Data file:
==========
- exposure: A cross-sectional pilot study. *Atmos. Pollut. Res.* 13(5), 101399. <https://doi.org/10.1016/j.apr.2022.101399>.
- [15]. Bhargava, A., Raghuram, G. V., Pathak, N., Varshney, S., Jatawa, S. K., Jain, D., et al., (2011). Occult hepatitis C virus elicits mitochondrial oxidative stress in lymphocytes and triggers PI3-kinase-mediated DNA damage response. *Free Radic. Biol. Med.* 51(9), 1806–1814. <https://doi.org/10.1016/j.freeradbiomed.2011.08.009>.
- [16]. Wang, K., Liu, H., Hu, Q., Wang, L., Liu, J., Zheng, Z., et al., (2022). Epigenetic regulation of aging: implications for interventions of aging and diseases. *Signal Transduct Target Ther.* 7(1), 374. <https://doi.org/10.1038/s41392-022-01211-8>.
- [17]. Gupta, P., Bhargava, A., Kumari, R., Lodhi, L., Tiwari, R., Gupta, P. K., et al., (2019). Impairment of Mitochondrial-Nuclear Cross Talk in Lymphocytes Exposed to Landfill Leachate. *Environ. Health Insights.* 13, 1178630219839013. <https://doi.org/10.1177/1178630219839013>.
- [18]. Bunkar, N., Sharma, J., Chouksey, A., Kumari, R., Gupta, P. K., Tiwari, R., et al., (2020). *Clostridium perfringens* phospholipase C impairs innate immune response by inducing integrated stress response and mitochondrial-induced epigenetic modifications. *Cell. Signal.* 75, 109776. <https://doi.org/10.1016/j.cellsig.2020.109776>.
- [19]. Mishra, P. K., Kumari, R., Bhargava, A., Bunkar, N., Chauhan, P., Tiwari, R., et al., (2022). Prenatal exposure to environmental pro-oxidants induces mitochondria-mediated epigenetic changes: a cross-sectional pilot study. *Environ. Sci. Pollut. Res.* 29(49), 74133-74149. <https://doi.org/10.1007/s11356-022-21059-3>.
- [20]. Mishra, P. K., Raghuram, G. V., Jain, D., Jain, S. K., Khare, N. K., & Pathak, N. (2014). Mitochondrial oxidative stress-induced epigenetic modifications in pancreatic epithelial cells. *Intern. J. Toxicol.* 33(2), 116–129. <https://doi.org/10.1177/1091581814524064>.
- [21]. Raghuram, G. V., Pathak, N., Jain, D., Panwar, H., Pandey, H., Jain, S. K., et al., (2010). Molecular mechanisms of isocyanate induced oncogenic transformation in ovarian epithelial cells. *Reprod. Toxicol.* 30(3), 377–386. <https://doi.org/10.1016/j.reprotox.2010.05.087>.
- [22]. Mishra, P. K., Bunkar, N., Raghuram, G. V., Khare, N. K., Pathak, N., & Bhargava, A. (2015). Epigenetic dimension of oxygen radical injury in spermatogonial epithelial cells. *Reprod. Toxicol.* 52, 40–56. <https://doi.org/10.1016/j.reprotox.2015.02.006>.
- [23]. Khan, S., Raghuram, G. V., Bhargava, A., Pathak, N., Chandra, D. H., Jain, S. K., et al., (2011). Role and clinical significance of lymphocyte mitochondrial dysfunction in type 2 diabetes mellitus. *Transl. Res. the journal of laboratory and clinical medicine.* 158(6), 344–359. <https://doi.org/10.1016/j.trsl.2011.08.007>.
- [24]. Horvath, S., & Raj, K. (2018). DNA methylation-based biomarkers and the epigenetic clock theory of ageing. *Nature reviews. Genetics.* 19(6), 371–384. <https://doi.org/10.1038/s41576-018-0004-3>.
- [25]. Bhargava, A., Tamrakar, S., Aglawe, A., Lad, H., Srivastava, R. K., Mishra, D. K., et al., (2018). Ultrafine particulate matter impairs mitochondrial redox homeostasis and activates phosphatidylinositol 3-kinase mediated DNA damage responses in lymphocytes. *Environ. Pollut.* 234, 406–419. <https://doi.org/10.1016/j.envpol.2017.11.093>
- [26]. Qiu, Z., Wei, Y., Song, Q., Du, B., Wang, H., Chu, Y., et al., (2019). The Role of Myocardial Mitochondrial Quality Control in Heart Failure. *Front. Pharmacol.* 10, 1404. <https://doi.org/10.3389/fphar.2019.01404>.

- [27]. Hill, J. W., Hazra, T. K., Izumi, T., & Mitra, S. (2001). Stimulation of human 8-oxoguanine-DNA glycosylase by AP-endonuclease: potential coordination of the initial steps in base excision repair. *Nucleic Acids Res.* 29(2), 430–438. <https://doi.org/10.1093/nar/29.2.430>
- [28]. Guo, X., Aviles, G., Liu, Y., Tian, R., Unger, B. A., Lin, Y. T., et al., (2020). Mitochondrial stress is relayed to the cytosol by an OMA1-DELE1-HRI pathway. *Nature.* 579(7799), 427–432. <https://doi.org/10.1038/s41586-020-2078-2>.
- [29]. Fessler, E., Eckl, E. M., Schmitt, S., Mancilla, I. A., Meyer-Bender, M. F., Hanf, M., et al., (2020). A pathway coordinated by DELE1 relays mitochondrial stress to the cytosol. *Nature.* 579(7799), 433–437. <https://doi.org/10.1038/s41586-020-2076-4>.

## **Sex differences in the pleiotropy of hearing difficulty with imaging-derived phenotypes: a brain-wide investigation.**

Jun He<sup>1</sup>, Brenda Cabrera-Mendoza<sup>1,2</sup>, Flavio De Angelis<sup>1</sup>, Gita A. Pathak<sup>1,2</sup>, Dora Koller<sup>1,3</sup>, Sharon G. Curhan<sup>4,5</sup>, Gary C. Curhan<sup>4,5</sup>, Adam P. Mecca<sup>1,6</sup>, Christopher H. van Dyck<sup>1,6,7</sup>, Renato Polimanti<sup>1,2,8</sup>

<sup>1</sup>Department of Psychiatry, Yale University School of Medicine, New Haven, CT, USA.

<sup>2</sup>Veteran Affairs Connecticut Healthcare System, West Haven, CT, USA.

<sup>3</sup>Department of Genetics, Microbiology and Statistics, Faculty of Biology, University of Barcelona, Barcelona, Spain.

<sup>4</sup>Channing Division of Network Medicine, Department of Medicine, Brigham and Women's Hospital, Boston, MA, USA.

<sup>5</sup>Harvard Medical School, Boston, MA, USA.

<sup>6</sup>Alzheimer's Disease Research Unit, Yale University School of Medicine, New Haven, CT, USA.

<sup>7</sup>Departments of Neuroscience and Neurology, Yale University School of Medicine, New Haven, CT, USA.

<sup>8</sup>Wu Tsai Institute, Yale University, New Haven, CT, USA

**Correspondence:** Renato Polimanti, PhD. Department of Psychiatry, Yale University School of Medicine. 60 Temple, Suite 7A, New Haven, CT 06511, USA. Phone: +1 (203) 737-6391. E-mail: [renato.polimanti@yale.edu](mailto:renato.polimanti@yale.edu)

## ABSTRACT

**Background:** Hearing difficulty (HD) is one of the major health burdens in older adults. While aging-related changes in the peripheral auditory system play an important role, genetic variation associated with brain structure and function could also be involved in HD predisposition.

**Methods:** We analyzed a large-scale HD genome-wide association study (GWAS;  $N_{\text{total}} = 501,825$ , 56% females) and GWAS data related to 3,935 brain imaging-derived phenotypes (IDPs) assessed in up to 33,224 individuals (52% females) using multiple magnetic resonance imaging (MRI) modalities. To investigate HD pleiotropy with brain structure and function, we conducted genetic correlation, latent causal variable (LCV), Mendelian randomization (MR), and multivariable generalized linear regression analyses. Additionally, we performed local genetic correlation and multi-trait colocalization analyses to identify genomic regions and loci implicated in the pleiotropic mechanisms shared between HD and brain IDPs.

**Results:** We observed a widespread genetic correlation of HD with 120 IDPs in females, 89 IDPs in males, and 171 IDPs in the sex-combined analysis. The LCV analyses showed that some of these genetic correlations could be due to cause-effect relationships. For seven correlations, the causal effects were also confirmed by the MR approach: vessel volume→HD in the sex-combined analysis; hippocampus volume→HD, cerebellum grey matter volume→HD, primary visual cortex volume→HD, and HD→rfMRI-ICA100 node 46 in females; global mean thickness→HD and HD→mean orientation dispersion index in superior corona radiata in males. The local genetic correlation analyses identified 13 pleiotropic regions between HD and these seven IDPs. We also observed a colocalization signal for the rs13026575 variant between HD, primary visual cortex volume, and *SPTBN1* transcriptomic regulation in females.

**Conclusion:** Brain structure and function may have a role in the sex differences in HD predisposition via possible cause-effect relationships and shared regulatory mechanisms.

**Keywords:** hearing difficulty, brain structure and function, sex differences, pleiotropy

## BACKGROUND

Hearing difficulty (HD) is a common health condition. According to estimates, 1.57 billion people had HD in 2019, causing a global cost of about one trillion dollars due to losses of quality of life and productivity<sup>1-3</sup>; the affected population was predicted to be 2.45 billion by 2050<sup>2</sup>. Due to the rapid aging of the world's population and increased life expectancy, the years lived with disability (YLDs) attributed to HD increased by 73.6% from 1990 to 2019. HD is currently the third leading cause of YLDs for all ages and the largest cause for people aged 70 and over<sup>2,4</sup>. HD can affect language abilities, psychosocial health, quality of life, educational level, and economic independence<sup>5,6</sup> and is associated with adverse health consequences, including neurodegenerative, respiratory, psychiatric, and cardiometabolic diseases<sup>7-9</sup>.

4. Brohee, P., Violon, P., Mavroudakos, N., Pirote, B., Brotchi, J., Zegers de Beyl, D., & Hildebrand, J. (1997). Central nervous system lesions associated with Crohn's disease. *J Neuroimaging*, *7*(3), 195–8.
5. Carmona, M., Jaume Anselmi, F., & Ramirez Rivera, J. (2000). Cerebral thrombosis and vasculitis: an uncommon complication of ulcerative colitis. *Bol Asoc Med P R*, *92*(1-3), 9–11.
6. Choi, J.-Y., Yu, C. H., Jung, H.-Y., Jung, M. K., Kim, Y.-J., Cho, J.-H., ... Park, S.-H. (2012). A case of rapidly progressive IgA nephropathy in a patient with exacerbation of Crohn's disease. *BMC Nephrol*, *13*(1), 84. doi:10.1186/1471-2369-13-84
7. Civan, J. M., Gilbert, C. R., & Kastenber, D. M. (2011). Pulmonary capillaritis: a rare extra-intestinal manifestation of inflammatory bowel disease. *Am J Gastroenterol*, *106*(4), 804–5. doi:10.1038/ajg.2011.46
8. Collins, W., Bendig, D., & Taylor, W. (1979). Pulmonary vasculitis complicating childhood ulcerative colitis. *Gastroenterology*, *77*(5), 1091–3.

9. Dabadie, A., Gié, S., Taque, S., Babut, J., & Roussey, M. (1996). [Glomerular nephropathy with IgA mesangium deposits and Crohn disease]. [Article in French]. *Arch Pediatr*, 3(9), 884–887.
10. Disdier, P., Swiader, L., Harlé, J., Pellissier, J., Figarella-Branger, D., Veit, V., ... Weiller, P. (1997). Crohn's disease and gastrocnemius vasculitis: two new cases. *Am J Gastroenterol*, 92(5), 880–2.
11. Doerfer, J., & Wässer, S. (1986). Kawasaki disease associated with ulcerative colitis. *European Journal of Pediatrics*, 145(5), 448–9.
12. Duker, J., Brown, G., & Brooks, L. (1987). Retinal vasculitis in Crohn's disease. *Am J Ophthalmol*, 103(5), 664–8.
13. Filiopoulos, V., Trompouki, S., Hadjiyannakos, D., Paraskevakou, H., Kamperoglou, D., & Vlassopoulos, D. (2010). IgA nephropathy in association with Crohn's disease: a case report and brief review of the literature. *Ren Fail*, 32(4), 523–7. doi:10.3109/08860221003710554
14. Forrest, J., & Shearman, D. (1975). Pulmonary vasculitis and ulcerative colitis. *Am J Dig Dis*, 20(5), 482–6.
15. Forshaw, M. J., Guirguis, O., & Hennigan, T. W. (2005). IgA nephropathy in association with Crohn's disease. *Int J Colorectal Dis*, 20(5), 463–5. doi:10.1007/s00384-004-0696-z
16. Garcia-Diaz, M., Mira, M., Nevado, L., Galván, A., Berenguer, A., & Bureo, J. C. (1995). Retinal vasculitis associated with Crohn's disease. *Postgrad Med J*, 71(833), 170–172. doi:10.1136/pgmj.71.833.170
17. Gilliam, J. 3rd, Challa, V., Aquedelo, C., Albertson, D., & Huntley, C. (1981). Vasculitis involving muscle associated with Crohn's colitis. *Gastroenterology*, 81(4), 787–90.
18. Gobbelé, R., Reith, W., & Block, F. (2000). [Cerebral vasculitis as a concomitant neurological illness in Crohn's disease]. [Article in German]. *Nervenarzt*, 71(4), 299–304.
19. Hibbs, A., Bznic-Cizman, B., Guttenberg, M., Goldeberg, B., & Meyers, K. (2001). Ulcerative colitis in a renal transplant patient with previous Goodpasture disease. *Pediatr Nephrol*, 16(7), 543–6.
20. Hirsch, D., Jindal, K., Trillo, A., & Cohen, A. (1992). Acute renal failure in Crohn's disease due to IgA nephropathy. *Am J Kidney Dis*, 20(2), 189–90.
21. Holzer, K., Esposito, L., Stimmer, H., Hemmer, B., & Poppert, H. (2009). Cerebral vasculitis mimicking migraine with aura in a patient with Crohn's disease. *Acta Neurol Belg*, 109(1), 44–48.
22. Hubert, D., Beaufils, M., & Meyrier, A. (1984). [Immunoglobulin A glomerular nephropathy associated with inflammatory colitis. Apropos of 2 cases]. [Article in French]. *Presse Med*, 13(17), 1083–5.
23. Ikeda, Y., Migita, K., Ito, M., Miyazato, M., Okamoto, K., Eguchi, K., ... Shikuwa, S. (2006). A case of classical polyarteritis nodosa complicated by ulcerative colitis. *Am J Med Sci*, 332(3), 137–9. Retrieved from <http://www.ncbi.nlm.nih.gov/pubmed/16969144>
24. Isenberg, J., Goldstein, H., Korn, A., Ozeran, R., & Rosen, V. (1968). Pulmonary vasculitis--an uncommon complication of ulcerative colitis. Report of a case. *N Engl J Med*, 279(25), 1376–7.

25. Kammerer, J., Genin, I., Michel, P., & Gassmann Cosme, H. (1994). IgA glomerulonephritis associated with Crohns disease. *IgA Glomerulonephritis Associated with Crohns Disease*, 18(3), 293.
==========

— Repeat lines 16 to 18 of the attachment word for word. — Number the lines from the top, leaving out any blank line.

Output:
- [29]. Fessler, E., Eckl, E. M., Schmitt, S., Mancilla, I. A., Meyer-Bender, M. F., Hanf, M., et al., (2020). A pathway coordinated by DELE1 relays mitochondrial stress to the cytosol. *Nature.* 579(7799), 433–437. <https://doi.org/10.1038/s41586-020-2076-4>.

## **Sex differences in the pleiotropy of hearing difficulty with imaging-derived phenotypes: a brain-wide investigation.**

Jun He<sup>1</sup>, Brenda Cabrera-Mendoza<sup>1,2</sup>, Flavio De Angelis<sup>1</sup>, Gita A. Pathak<sup>1,2</sup>, Dora Koller<sup>1,3</sup>, Sharon G. Curhan<sup>4,5</sup>, Gary C. Curhan<sup>4,5</sup>, Adam P. Mecca<sup>1,6</sup>, Christopher H. van Dyck<sup>1,6,7</sup>, Renato Polimanti<sup>1,2,8</sup>